Preparing Safer Jerky Preserving Food:

Preserving Food:
Preparing Safer Jerky
Jerky is a lightweight, dried meat product that is a handy food for backpackers,
campers and outdoor sports enthusiasts. It requires no refrigeration. Jerky can
be made from almost any lean meat, including beef, pork, venison or smoked
turkey breast. (Raw poultry is generally not recommended for use in making
jerky because of the texture and flavor of the finished product.)
Raw meats can be contaminated with microorganisms that cause disease.
These harmful bacteria can easily multiply of moist, high protein foods like meat
and poultry and can cause illness if the products are not handled correctly. If
pork or wild game is used to make jerky, the meat should be treated to kill the
Trichinella parasite before it is sliced and marinated. This parasite causes the
disease, trichinosis. To treat the meat, freeze a portion that is 6 inches or less
thick at 5oF or below for at least 20 days. Freezing will not eliminate bacteria
from the meat.
General Tips For Safe Food Handling
The following general tips for safe handling are based on USDA Meat and
Poultry Hotline recommendations.
● Always wash hands thoroughly with soap and running water for at least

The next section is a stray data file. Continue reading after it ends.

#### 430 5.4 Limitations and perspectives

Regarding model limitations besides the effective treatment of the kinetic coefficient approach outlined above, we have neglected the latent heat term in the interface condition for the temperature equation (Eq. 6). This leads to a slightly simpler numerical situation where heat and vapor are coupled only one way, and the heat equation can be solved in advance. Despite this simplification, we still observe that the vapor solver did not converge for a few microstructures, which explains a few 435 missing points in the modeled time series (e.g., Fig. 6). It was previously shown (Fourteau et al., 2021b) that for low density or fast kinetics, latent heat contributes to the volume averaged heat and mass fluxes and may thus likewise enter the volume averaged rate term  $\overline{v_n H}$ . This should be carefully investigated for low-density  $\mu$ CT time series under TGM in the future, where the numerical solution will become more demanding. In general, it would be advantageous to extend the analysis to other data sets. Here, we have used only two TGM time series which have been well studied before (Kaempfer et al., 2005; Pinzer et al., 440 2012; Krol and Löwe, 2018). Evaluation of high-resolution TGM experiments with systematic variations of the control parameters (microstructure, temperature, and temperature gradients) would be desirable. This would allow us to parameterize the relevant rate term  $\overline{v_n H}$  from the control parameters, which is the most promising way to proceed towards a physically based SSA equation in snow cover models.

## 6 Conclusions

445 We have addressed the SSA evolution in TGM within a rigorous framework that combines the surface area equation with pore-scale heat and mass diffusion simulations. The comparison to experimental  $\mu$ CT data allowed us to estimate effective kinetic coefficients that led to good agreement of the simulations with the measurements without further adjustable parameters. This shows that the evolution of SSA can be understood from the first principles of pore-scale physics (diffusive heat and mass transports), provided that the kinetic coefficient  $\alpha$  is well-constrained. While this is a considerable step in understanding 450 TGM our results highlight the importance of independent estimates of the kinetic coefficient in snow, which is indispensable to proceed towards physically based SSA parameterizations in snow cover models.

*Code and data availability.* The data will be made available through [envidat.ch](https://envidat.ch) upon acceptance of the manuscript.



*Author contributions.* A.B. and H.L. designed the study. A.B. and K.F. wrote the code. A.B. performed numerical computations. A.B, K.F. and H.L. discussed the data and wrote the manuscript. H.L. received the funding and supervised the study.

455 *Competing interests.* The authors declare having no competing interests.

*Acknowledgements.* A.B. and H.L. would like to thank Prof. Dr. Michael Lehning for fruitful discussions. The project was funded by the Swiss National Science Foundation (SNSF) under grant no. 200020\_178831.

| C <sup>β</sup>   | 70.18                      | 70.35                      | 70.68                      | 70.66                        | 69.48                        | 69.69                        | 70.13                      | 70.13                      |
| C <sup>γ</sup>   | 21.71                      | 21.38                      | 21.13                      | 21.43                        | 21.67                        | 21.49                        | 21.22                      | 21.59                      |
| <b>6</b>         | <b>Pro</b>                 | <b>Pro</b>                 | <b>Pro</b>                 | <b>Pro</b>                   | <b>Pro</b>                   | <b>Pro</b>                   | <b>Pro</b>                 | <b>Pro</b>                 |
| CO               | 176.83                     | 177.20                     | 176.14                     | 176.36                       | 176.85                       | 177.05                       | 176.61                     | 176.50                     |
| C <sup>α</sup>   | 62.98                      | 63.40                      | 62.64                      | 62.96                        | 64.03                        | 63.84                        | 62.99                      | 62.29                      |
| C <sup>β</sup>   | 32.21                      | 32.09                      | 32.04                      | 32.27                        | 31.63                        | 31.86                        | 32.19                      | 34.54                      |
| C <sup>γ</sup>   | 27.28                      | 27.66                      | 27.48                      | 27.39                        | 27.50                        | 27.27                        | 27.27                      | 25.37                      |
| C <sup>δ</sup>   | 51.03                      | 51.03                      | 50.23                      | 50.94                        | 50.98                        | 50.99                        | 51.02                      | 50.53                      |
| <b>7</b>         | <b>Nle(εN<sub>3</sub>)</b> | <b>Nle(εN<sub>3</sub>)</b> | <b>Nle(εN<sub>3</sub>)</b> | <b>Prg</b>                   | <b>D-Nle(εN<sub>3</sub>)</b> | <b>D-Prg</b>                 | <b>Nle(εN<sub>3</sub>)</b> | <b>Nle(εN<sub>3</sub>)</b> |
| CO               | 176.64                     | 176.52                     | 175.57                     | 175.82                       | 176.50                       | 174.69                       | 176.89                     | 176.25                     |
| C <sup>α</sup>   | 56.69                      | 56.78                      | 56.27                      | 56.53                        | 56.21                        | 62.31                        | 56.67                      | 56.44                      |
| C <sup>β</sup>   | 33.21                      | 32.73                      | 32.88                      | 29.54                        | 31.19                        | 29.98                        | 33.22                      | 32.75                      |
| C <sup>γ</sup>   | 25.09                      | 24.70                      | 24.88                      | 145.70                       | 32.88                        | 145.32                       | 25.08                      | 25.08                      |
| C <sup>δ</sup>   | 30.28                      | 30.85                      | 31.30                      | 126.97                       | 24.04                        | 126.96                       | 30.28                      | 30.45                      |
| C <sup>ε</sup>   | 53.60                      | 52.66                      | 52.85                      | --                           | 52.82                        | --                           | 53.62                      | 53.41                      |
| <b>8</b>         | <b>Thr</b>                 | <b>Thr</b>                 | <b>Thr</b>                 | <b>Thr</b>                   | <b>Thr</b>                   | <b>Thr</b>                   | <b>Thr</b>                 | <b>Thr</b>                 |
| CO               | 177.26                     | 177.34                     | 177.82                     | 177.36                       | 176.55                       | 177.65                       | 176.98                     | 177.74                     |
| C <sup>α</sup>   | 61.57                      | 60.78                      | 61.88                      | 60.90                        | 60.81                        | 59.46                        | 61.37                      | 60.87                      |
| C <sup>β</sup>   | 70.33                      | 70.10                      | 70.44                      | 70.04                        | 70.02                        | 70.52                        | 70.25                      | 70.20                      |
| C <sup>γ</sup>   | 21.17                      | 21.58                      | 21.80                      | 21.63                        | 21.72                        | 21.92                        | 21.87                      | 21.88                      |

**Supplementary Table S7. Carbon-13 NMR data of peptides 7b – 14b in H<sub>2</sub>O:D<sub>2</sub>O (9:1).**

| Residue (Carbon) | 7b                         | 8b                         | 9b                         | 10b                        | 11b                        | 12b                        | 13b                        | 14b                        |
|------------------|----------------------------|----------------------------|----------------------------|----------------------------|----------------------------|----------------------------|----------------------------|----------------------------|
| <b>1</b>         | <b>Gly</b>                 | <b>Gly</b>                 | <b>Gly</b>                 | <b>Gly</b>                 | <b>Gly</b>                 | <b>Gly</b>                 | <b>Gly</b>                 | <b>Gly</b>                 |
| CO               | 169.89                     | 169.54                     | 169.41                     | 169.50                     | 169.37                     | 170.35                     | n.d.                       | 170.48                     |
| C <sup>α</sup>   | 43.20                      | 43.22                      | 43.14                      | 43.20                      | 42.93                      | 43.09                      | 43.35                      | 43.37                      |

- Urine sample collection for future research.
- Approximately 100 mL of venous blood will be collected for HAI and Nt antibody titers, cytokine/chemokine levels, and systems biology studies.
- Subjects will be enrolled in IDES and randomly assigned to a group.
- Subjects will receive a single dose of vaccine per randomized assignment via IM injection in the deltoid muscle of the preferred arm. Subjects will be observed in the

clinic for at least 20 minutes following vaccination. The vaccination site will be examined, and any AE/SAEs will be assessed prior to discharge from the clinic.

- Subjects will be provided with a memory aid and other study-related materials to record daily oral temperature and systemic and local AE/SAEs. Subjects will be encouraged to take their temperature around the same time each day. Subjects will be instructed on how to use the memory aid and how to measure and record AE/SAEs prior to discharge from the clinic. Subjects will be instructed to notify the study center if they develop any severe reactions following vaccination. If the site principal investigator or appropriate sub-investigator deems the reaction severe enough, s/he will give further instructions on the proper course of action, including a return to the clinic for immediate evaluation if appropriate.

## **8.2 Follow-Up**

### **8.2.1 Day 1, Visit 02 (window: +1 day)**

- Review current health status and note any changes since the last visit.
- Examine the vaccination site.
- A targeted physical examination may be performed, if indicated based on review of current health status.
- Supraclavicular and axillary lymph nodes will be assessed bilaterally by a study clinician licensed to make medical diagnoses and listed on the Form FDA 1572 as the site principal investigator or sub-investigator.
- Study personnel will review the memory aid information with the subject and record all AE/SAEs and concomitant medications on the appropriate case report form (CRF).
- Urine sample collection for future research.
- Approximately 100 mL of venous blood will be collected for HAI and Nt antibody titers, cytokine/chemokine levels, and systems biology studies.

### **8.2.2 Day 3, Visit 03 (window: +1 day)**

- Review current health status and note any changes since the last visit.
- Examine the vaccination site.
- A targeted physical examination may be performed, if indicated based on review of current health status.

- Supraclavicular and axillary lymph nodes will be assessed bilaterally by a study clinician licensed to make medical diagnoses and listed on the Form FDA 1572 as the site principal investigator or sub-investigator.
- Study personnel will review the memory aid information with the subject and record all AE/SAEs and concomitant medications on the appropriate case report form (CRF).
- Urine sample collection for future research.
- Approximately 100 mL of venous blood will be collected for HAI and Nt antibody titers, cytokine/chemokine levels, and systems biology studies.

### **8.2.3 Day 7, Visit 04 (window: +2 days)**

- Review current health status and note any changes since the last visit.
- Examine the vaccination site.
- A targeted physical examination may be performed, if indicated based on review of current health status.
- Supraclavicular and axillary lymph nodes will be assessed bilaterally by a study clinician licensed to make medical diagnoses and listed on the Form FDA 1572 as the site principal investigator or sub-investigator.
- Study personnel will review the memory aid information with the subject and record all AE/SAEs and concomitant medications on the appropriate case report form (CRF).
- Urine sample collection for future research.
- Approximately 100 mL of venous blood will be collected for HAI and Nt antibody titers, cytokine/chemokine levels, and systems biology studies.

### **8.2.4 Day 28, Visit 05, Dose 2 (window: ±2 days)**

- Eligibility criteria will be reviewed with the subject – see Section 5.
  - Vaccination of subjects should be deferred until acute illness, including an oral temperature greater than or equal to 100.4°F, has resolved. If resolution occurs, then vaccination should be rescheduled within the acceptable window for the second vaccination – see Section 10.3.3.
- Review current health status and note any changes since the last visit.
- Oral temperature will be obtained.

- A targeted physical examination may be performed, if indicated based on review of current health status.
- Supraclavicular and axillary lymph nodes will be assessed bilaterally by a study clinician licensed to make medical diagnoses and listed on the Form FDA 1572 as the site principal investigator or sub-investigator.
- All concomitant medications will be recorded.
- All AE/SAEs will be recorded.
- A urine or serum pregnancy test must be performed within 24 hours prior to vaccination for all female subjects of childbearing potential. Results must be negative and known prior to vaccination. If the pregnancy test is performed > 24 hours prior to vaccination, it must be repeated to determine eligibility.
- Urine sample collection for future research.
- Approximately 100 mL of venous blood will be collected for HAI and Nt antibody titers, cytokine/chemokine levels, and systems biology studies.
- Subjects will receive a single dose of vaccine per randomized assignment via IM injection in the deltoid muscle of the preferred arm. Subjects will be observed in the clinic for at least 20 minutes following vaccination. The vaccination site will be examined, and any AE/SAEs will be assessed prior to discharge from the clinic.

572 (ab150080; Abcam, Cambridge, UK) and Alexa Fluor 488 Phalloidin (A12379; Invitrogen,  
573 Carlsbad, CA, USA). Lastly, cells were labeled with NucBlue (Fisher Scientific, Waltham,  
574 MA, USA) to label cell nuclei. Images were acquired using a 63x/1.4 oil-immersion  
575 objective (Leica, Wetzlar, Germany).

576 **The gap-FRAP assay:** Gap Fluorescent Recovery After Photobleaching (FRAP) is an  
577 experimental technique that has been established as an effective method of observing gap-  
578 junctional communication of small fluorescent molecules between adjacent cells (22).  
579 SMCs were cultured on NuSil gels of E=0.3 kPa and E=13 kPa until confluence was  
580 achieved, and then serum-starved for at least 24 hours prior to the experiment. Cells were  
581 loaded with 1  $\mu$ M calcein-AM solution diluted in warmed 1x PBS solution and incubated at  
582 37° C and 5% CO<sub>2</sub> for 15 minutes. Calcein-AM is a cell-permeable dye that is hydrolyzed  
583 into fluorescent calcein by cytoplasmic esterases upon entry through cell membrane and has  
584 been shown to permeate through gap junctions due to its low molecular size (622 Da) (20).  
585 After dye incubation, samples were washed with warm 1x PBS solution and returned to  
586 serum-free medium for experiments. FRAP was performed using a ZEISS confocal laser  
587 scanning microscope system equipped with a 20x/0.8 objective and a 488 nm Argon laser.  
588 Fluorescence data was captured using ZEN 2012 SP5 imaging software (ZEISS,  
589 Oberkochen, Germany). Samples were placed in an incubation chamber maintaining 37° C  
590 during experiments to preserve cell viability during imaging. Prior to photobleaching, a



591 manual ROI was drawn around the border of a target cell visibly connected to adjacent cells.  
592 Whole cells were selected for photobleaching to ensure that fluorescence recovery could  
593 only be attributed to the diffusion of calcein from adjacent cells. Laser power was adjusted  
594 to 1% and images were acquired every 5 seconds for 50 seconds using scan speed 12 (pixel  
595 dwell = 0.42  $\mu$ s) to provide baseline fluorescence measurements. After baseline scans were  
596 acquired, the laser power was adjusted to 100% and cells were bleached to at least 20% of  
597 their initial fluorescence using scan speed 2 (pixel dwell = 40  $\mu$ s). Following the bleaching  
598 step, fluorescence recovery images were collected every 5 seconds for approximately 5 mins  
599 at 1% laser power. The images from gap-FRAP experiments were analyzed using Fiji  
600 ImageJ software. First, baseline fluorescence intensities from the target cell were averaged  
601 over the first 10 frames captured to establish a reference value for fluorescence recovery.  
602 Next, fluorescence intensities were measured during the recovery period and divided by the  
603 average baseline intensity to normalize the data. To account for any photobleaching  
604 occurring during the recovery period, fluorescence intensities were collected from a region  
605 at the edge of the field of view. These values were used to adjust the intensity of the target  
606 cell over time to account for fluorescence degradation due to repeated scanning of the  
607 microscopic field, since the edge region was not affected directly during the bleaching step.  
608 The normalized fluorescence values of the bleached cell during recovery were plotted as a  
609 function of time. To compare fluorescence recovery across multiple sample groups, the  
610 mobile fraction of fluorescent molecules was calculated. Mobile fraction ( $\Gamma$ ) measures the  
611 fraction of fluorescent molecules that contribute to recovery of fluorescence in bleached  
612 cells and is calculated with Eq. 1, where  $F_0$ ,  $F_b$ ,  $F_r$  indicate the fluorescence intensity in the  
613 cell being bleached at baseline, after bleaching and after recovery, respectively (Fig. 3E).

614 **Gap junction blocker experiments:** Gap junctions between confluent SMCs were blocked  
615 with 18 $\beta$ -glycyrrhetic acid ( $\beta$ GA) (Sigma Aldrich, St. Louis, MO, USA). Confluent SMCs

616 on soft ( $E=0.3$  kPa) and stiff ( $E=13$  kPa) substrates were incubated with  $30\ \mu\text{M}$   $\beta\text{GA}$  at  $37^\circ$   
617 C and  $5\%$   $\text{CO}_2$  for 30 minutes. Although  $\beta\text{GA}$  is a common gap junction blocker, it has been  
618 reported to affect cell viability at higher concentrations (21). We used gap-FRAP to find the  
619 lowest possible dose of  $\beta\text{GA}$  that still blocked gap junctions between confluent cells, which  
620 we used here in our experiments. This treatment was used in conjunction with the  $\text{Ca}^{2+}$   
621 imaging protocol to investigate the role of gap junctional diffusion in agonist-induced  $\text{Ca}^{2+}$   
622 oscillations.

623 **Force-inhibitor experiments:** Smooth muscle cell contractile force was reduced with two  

20 seconds before and after handling raw meats.
● Use clean equipment and utensils.
● Keep meat and poultry refrigerated at 40oF or below. Use ground beef
and poultry within 2 days, red meats within 3 to 5 days or freeze for
later use.
● Thaw frozen meat in the refrigerator, not on the kitchen counter.
● Marinate meat in the refrigerator. Do not save and re-use marinade.
When preparing jerky from wild game, it is important to remember that the
wound location and skill of the hunter can affect the safety or the meat. If the
animal is wounded in such a way that the contents of its gut come in contact
with the meat or the hunter’s hands while dressing the meat, fecal bacteria can
contaminate the meat. It is best to avoid making jerky from this meat and use it
only in ways that it will be thoroughly cooked. Deer carcasses should be rapidly
chilled to avoid bacterial growth.
The risk of foodborne illness from home-dried jerky can be decreased by allowing the internal
temperature of the meat to reach 160oF, but in such a way as to prevent case hardening.
Two methods can be used: heating meat strips in marinade before drying or heating the dried
jerky strips in an oven after the drying process is completed. Directions for both methods will
be presented here. When the strips are heated in a marinade before drying, drying times will
be reduced. Color and texture will differ from traditional jerky.
Preparing the Meat
Partially freeze meat to make slicing easier. The thickness of the meat strips will make a
difference in the safety of the methods recommended in this publication. Slice meat no
thicker than 1/4 inch. Trim and discard all fat from meat because it becomes rancid quickly.
If a chewy jerky is desired, slice with the grain. Slice across the grain if a more tender, brittle
jerky is preferred. A tenderizer can be used according to package directions, if desired. The
meat can be marinated for flavor and tenderness. Marinade recipes may include oil, salt,
spices and acid ingredients such as vinegar, lemon juice, teriyaki, or soy sauce or wine.